Saturday, November 9, 2013

#1,181. The Learning Tree (1969)

Directed By: Gordon Parks

Starring: Kyle Johnson, Alex Clarke, Estelle Evans

Trivia: Director Gordon Parks also wrote the novel this movie was based on

Directed by Gordon Parks (who also penned the novel it’s based on), The Learning Tree was the first major Hollywood movie helmed by an African American, and while it shines a light on race relations as they existed in the early part of the 20th century, it’s primarily the story of a young man named Newt (Kyle Johnson) who’s forced to make a decision that could tear his world apart.

Kansas, 1920. Newt, who comes from a loving family, spends most of his time hanging out with friends and going to school. Marcus (Alex Clarke) is the same age as Newt, yet leads a much different life. Ignored by his alcoholic father (Richard Ward), Marcus gets himself into trouble and ends up in prison, where he’s beaten on a regular basis. While Newt experiences all that life has to offer, Marcus is consumed with hatred for everyone and everything. Their paths will eventually cross, resulting in a showdown that threatens to destroy them both.

I first saw The Learning Tree about 20 years ago, and it left an indelible impression on me. From a technical standpoint, The Learning Tree is beautifully shot, kicking things off with a perfectly realized storm sequence; as Newt is walking through a field, we notice a strange cloud formation directly behind him, and when he stops to admire an ant hill, the sky turns black and the wind kicks up, signifying a tornado has just touched down. Newt injures his leg while trying to run, and is pulled to safety by Mabel (Carol Lamond), one of his neighbors. The Learning Tree features a number of gorgeous scenes (including one where two men on horseback ride into a setting sun), but this opening sequence is arguably the best.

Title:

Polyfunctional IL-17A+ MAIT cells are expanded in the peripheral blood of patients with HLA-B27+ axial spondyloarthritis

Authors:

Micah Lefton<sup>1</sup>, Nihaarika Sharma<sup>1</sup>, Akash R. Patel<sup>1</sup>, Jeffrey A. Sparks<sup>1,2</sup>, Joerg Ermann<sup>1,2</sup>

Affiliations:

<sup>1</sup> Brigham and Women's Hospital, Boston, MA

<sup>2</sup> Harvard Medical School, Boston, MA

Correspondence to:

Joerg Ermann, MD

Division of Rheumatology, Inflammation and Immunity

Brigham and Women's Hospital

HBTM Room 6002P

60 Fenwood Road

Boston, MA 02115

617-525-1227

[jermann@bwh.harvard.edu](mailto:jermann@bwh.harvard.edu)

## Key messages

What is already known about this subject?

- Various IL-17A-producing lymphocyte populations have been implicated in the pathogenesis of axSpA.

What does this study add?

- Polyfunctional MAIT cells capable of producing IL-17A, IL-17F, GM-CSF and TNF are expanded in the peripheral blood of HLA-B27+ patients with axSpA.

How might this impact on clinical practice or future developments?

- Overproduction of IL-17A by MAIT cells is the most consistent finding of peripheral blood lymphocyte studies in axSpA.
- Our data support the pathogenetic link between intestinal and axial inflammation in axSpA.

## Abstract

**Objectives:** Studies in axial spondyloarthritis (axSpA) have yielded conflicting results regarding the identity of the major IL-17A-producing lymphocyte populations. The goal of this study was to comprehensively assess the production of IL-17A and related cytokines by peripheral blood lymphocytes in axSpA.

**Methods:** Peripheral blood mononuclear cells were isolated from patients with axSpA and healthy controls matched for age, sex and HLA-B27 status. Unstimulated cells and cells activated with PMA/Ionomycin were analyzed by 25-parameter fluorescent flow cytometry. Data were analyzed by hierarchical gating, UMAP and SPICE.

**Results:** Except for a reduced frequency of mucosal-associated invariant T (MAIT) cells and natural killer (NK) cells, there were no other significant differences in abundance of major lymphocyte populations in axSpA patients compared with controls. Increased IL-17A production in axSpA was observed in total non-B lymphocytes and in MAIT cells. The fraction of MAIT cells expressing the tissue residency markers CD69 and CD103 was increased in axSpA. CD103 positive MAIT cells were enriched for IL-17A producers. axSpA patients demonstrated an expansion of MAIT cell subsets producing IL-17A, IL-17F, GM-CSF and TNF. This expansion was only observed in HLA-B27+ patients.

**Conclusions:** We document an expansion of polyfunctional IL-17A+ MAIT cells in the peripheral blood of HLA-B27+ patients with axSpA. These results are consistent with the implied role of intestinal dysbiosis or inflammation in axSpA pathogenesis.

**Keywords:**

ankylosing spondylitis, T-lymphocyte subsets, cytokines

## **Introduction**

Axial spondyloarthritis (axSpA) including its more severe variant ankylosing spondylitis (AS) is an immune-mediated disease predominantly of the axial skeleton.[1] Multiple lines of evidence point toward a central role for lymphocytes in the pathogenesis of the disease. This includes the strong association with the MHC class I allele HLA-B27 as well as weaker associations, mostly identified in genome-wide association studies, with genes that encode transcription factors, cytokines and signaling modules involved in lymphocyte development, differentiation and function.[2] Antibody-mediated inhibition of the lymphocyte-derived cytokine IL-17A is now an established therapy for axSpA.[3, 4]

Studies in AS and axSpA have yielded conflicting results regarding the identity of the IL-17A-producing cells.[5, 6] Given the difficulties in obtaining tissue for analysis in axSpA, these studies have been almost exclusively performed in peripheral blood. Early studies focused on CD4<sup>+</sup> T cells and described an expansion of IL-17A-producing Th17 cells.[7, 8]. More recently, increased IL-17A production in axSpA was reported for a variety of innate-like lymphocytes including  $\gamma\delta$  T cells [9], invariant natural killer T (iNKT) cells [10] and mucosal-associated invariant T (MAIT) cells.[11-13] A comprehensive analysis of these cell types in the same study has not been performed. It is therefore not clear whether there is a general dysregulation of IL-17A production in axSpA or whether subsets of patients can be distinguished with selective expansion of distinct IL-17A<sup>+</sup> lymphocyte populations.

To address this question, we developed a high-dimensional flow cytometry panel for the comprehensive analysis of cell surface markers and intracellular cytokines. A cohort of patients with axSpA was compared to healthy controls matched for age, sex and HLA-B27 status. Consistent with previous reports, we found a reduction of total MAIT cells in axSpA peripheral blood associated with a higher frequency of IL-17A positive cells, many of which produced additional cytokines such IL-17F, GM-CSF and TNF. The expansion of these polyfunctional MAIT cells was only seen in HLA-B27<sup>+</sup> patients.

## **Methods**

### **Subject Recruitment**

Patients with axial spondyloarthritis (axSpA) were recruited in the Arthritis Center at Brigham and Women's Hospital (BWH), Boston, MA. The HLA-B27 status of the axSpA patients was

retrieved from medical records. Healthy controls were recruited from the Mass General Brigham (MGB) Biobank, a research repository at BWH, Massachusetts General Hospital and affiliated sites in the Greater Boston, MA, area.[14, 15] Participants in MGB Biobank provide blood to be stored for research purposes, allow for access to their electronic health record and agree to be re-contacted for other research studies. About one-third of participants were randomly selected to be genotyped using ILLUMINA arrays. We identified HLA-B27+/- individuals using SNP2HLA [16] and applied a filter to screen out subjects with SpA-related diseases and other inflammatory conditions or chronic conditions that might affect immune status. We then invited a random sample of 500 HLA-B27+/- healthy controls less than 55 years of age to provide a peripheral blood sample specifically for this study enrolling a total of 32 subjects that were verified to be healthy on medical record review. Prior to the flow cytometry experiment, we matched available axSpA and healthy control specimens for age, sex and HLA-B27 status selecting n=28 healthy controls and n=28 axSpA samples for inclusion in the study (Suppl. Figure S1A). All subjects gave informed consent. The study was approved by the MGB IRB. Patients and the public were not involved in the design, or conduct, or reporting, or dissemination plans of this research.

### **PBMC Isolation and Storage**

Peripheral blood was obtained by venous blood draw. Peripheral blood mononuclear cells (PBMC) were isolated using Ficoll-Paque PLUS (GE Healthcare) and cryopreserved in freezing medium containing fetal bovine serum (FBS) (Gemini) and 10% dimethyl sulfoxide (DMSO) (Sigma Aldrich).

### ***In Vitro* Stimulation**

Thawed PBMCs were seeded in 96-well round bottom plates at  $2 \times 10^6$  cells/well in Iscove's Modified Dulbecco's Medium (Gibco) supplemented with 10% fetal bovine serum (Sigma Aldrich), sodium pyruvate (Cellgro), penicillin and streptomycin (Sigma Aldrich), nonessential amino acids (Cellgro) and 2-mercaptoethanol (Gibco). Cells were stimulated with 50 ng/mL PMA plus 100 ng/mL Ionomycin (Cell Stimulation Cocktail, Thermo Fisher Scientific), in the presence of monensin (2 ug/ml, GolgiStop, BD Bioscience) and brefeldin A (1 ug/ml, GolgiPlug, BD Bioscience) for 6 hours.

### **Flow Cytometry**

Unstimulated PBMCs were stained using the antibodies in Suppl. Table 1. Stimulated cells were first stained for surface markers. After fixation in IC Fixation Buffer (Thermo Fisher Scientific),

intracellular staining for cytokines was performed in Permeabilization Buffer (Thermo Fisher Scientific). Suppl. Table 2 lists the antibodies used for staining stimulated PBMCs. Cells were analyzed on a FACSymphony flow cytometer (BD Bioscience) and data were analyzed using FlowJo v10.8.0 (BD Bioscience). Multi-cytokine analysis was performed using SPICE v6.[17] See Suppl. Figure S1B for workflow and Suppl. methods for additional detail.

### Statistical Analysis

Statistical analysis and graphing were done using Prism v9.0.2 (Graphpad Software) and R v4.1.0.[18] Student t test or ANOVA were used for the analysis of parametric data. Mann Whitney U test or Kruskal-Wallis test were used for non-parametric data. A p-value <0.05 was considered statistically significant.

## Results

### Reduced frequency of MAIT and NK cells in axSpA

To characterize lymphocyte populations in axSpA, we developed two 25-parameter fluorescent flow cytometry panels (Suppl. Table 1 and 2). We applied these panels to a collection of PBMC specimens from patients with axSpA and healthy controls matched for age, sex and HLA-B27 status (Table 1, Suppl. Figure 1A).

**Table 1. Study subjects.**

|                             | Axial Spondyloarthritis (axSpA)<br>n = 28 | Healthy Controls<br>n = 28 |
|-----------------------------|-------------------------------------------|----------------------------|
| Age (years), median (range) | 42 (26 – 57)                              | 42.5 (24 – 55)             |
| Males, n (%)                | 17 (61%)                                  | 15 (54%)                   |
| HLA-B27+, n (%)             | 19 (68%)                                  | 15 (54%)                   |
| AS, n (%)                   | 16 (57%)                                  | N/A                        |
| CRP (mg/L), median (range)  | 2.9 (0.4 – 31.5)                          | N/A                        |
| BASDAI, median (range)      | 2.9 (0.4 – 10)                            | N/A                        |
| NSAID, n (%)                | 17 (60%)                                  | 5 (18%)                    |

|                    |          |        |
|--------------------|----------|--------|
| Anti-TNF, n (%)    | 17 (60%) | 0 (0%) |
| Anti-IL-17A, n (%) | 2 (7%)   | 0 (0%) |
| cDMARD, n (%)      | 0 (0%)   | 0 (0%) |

In contrast to its beautiful imagery, The Learning Tree occasionally delves into some ugly territory, focusing on the racial tensions that simmer under the surface of this otherwise peaceful community. For the most part, whites and blacks co-exist without incident, but there are times when tempers flare up. In an early scene, Marcus convinces Newt and his friends to help him steal apples from an orchard owned by Jake Kiner (George Mitchell). When Jake catches them in the act, he begins to whip Marcus, at which point Marcus grabs the whip and beats Jake over the head with it, putting the old man in the hospital. While Newt and the others get off with a warning (at his mother’s insistence, Newt volunteers to work at Jake’s farm free of charge), Marcus is sent to prison, where a racist guard makes his life a living hell. Newt also has his run-ins with prejudice; when his teacher, Miss McClintock (Peggy Rea) learns that Newt wants to attend college, she tells him not to waste his time, and that he’d be better off becoming a porter or waiter. While Newt’s resolve is strengthened by such adversity, Marcus is transformed into a bitter, angry young man.

Ultimately, though, The Learning Tree is Newt’s story, during which he learns about death (Newt witnesses the shooting of a black man by a racist sheriff, and is tormented by nightmares of the dead man’s face), love (his relationship with the pretty Arcella Jefferson is put to the test), and even sex (after pulling him to safety during the storm, Mabel takes advantage of Newt’s weakened state and has her way with him). Eventually, Newt will witness a terrible crime committed by a black man (Marcus’ father) but blamed on a white one. If he comes forward and tells the truth, there’s a chance the white population will turn on the blacks, causing even more tension than there already is. If he remains silent, an innocent man will be put to death. Either way, his life will never be the same again.

As provocative as it is touching, The Learning Tree is a powerful motion picture.

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